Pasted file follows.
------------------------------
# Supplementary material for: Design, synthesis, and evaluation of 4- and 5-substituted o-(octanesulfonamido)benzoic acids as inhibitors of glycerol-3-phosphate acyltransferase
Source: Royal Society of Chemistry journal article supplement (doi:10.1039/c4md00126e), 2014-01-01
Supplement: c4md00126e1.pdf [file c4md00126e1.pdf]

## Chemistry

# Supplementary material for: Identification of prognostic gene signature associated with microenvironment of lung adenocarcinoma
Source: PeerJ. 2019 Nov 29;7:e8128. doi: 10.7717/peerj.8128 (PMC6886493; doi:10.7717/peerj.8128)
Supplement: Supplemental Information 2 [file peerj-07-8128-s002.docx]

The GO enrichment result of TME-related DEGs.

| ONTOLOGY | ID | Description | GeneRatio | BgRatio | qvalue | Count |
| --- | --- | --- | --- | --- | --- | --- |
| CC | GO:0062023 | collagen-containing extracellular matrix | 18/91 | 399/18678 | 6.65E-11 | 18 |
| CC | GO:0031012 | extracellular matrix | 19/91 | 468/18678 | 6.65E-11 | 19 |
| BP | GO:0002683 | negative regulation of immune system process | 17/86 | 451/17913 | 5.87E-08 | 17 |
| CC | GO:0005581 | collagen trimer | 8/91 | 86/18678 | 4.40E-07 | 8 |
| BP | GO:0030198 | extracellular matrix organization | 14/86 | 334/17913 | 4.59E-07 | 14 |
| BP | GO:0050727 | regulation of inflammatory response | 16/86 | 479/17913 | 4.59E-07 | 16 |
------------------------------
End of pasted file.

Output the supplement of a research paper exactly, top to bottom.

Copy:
# Supplementary material for: Design, synthesis, and evaluation of 4- and 5-substituted o-(octanesulfonamido)benzoic acids as inhibitors of glycerol-3-phosphate acyltransferase
Source: Royal Society of Chemistry journal article supplement (doi:10.1039/c4md00126e), 2014-01-01
Supplement: c4md00126e1.pdf [file c4md00126e1.pdf]

## Chemistry

# Supplementary material for: Identification of prognostic gene signature associated with microenvironment of lung adenocarcinoma
Source: PeerJ. 2019 Nov 29;7:e8128. doi: 10.7717/peerj.8128 (PMC6886493; doi:10.7717/peerj.8128)
Supplement: Supplemental Information 2 [file peerj-07-8128-s002.docx]

The GO enrichment result of TME-related DEGs.

| ONTOLOGY | ID | Description | GeneRatio | BgRatio | qvalue | Count |
| --- | --- | --- | --- | --- | --- | --- |
| CC | GO:0062023 | collagen-containing extracellular matrix | 18/91 | 399/18678 | 6.65E-11 | 18 |
| CC | GO:0031012 | extracellular matrix | 19/91 | 468/18678 | 6.65E-11 | 19 |
| BP | GO:0002683 | negative regulation of immune system process | 17/86 | 451/17913 | 5.87E-08 | 17 |
| CC | GO:0005581 | collagen trimer | 8/91 | 86/18678 | 4.40E-07 | 8 |
| BP | GO:0030198 | extracellular matrix organization | 14/86 | 334/17913 | 4.59E-07 | 14 |
| BP | GO:0050727 | regulation of inflammatory response | 16/86 | 479/17913 | 4.59E-07 | 16 |